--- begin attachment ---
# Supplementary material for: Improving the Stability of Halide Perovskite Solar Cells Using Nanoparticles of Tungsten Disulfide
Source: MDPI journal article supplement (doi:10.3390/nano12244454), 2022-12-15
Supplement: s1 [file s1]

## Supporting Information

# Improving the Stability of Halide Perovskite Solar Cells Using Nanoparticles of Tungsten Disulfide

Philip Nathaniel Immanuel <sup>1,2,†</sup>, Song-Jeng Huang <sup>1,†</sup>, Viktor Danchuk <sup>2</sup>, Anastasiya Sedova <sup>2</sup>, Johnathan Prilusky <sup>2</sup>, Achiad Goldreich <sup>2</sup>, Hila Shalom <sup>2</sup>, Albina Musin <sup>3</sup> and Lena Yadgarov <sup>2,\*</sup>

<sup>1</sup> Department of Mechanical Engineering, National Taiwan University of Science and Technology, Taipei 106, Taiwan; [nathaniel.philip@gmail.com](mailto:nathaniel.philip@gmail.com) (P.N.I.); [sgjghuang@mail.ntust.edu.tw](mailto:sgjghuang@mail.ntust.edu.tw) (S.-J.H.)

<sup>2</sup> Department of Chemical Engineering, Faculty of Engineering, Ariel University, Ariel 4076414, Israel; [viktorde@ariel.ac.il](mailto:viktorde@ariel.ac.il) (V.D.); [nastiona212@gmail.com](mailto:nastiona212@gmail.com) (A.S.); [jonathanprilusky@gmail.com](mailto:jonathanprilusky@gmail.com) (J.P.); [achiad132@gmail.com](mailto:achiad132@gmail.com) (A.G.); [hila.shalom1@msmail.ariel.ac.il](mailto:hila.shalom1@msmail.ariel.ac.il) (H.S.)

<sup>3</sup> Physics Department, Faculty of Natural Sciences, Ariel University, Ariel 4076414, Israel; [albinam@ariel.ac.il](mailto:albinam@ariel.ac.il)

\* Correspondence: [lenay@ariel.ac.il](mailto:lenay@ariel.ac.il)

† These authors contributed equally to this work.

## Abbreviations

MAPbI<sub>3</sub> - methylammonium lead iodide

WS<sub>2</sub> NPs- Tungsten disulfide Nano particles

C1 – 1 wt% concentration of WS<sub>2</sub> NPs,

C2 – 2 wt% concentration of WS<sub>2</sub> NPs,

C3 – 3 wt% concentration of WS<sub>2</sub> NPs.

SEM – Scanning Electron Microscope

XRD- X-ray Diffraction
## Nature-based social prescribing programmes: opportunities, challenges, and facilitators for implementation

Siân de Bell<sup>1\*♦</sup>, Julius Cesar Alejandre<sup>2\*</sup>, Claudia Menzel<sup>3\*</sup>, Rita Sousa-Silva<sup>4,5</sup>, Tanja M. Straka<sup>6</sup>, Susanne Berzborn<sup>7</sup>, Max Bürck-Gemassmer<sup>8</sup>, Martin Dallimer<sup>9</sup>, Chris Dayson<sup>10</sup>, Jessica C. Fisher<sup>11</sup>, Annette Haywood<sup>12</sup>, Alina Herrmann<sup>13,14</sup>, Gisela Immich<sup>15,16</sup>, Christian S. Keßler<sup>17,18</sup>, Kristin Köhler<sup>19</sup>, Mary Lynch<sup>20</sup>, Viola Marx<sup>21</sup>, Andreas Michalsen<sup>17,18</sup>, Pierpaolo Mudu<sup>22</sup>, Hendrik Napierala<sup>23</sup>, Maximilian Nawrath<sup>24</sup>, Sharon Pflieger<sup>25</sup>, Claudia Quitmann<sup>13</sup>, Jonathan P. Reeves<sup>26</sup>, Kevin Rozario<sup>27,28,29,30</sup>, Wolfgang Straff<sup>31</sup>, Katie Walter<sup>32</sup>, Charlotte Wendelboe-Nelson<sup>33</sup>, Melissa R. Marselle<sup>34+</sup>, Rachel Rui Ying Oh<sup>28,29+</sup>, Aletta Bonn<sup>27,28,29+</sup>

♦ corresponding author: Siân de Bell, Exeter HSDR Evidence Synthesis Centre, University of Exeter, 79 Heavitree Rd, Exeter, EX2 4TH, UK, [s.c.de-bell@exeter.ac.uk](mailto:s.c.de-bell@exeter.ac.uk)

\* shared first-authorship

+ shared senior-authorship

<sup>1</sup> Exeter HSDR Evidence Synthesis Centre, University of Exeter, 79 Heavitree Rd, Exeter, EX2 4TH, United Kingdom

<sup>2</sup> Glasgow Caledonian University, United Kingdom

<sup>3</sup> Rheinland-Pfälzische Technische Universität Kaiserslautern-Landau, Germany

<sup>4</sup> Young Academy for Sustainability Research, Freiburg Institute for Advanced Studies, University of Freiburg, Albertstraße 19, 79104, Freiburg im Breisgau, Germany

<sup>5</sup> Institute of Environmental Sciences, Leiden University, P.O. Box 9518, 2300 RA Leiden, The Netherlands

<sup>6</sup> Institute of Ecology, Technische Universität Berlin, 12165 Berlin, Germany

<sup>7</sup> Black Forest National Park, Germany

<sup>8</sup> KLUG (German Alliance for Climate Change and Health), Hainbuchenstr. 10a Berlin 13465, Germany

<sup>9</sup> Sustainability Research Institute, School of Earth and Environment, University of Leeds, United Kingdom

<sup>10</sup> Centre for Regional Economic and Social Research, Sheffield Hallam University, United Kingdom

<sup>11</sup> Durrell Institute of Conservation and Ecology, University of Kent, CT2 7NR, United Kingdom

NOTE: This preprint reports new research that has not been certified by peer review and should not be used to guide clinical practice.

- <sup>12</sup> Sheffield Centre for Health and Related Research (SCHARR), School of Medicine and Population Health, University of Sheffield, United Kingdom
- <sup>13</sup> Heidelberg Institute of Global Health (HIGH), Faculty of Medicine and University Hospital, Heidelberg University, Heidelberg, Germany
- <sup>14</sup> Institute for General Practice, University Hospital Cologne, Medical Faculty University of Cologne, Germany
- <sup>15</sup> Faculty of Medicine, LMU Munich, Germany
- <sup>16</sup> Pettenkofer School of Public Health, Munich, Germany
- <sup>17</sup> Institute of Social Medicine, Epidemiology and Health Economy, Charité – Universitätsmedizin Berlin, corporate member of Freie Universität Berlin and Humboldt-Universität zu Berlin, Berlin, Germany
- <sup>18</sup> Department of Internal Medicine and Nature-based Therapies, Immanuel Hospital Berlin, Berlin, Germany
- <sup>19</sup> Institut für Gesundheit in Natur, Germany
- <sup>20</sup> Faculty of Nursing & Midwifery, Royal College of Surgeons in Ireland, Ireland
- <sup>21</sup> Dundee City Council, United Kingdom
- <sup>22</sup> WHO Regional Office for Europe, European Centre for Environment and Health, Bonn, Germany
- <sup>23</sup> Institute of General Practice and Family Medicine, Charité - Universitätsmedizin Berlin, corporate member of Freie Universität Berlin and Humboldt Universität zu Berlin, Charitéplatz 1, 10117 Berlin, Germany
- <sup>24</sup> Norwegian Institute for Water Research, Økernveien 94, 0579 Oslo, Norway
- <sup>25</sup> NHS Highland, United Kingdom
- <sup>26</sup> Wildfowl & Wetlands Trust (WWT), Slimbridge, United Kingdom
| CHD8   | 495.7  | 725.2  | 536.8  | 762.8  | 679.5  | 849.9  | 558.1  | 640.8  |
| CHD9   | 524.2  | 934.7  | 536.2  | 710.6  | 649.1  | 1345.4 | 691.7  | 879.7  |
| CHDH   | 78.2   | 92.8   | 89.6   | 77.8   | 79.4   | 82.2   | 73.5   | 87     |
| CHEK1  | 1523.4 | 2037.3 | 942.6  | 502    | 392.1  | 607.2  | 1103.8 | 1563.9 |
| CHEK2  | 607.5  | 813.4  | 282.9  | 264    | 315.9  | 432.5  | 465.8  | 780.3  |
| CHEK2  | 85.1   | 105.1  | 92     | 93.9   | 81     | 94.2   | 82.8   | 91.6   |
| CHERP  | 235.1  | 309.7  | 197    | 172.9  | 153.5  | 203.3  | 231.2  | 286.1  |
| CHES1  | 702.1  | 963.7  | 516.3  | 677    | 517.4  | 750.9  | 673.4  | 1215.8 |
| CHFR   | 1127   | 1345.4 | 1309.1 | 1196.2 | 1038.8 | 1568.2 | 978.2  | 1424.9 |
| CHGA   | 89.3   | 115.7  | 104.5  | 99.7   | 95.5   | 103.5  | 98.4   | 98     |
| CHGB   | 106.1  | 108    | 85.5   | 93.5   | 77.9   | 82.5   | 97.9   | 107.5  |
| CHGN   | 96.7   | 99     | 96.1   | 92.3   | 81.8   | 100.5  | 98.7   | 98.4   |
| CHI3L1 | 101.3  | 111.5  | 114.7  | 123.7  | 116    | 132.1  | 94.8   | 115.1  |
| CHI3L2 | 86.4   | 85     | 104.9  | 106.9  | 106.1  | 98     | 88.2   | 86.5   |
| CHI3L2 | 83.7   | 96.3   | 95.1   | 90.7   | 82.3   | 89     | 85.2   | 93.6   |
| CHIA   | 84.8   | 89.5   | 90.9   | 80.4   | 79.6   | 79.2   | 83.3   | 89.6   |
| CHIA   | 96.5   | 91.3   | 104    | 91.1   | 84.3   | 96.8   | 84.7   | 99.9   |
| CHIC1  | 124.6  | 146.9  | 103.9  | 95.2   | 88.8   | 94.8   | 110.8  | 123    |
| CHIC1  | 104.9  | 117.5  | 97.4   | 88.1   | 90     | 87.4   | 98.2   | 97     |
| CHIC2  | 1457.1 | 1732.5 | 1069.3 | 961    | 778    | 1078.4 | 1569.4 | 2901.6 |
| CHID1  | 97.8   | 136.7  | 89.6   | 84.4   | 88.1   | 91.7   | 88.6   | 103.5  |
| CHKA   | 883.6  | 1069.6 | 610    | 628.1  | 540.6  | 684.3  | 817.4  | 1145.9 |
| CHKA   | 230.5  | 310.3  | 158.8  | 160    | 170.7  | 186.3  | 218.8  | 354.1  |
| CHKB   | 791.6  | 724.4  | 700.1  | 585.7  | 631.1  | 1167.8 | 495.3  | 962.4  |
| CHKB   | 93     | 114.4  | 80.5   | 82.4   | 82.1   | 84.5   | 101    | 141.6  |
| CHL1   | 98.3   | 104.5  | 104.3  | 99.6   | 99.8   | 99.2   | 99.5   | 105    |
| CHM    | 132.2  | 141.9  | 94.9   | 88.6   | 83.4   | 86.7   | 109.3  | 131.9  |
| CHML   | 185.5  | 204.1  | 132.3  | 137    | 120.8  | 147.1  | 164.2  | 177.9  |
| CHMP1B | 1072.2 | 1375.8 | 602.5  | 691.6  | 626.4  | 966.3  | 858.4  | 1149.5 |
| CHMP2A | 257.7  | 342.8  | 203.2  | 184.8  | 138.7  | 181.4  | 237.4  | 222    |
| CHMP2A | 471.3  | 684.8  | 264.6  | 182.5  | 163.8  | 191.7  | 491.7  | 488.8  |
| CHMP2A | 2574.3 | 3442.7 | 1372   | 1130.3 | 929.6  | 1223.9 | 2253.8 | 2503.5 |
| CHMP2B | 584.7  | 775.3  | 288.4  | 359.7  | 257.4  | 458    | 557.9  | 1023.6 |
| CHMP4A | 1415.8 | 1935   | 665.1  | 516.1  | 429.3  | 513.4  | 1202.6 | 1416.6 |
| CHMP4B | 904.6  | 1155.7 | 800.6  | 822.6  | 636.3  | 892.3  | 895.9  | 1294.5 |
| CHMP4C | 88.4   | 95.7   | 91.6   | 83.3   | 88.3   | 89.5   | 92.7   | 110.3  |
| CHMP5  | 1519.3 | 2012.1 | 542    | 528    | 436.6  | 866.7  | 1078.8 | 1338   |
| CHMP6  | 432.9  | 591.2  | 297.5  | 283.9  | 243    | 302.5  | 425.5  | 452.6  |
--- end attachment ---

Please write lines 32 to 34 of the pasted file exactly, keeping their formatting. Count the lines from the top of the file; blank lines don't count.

<sup>8</sup> KLUG (German Alliance for Climate Change and Health), Hainbuchenstr. 10a Berlin 13465, Germany

<sup>9</sup> Sustainability Research Institute, School of Earth and Environment, University of Leeds, United Kingdom

<sup>10</sup> Centre for Regional Economic and Social Research, Sheffield Hallam University, United Kingdom